We've seen not one but two modern reinterpretations of Sherlock Holmes in the last couple of years, plus countless procedural dramas, including forensic-themed shows like Bones and CSI. Meanwhile, TV audiences are utterly charmed by historical dramas like Downton Abbey and Boardwalk Empire. And just this summer, ABC announced plans to develop a steampunk detective series starring Tom Sawyer and Huckleberry Finn.
But history is filled with real detectives, including those who used their knowledge of chemistry, anatomy, and even entomology to solve mysteries. Why not take one of those real forensic detectives and build a procedural costume drama around them? Here are six historical forensic experts who could carry their own shows, including a couple who have already debuted on the small screen.
All images by Lauren Davis.
Charles Norris and Alexander Gettler
Charles Norris was New York City's first chief medical examiner and Alexander Gettler was toxicologist who worked under him. As soon as he was hired, Norris began overhauling his department and he and Gettler pioneered many forensic techniques, notably those related to deliberate and accidental poisonings. Together they solved many a chemical mystery, a special challenge during the era of American Prohibition when cases of wood alcohol poisoning flooded the morgues.
The Pitch: Deborah Blum's book The Poisoner's Handbook: Murder and the Birth of Forensic Medicine in Jazz Age New York (which recently made our list of science books that read like genre fiction) has plenty of material for a Jazz Age procedural. The pair used their chemistry knowledge to catch poisoners, identify toxic products, and solve cases of chemical negligence. And the dynamic of the lab and their personal lives would have been quite interesting as well. Norris had to contend with bureaucratic opposition and a lack of department funding. (He developed a rather antagonistic relationship with Mayor John F. Hylan.) Gettler was a jovial gambler, card player, and competitive bowler, who charmed the pants off his Catholic in-laws, who were initially dismayed that their daughter had married a Jewish immigrant. (Gettler even lived on the top floor of their home.) And the two lobbied tirelessly against Prohibition—and we know how obsessed pop culture is with the 1920s these days.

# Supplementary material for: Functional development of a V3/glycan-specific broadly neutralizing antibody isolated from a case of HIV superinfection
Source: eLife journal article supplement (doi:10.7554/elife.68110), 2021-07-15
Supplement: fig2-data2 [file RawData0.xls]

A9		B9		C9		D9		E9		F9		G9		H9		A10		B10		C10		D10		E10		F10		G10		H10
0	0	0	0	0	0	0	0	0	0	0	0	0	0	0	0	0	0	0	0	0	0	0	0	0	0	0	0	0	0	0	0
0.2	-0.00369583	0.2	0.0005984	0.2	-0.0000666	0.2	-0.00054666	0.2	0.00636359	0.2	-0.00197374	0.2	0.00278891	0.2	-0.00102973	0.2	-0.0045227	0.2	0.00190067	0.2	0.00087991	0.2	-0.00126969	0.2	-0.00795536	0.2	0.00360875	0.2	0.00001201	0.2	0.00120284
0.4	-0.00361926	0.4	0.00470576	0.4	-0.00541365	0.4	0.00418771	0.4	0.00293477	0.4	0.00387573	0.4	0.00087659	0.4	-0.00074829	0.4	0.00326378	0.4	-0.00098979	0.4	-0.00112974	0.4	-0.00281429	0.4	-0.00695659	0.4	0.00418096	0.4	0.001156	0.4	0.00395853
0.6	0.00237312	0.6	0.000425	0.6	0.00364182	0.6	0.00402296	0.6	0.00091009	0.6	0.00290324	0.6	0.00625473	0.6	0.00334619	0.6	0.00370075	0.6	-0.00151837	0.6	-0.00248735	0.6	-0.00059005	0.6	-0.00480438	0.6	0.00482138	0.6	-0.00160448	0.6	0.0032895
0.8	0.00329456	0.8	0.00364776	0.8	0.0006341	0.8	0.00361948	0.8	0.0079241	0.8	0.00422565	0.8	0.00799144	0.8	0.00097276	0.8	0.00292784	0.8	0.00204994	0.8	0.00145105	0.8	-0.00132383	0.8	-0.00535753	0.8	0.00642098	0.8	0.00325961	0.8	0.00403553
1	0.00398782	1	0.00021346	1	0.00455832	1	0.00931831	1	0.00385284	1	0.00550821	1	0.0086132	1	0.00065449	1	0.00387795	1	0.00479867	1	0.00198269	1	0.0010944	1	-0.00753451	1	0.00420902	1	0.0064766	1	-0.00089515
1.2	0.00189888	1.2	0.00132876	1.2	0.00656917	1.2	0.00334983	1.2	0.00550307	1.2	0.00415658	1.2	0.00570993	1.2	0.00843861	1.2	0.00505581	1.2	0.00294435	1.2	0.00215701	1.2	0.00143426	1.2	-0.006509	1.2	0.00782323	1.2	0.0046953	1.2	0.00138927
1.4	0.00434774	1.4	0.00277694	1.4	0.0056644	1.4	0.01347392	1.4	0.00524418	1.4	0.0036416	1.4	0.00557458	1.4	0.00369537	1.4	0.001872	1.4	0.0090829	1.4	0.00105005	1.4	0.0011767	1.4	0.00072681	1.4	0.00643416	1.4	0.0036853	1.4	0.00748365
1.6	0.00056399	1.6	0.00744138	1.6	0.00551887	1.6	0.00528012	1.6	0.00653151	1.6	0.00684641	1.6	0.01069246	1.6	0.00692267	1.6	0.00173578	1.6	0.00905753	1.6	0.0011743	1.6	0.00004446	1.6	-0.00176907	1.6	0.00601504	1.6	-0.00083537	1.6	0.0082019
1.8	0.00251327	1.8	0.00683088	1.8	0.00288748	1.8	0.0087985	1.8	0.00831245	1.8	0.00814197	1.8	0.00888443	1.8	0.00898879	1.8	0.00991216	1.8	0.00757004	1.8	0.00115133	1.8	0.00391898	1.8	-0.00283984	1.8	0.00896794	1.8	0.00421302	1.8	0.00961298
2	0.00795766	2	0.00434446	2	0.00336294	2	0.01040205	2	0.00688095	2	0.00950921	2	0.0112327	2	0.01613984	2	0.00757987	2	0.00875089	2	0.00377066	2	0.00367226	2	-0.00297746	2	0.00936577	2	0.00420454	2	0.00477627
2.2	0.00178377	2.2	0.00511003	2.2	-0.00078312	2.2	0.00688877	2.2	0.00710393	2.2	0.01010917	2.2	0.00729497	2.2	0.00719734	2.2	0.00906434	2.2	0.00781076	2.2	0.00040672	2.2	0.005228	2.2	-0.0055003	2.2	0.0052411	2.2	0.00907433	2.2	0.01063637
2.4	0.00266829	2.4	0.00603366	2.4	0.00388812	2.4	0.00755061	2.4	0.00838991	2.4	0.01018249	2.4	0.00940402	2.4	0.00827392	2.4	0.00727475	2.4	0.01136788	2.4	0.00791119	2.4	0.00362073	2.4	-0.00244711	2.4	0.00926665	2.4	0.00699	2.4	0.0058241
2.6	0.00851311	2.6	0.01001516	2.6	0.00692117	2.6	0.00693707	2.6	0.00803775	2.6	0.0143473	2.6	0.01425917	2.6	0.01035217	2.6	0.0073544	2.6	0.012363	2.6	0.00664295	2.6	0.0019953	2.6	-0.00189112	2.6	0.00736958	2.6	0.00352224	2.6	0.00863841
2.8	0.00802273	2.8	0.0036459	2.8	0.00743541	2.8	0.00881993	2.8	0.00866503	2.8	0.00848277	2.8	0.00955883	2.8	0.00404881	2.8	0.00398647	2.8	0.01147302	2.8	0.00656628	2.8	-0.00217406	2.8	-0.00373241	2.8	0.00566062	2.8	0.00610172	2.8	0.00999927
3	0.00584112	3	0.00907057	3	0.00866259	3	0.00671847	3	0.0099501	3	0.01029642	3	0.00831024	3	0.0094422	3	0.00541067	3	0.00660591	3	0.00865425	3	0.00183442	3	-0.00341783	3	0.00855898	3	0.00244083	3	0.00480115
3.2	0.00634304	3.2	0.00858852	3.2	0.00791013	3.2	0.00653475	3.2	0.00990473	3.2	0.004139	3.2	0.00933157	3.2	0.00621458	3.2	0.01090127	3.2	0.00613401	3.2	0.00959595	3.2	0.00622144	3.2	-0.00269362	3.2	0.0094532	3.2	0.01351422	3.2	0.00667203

19th-century French criminologist Alexandre Lacassagne was actually a great fan of Sir Conan Arthur Doyle's tales of detective Sherlock Holmes, but he worried about that the stories left the public with a mistaken impression of the science of crime-solving. Lacassagne did not believe in immediate certainty or working alone; he believed in running exhaustive scientific tests with a team of experts. He pioneered many of the areas of criminal detection we so enjoy watching on television, commissioning catalogs of bone measurements, studying blood spatter patterns, and determining methods for matching ballistics to their origin weapons. He was also a noted alienist, famously evaluating the sanity of serial killer Joseph Vacher.
Lacassagne was also known for his warm personality and offbeat sense of humor. One of his most colorful publications was an anthropological study of criminals' and soldiers' tattoos. Lacassagne commissioned dinnerware based on some of his favorite tattoos, so that guests might find the words "Death to Unfaithful Women" or "Child of Misfortune" stenciled at the bottom of their meal.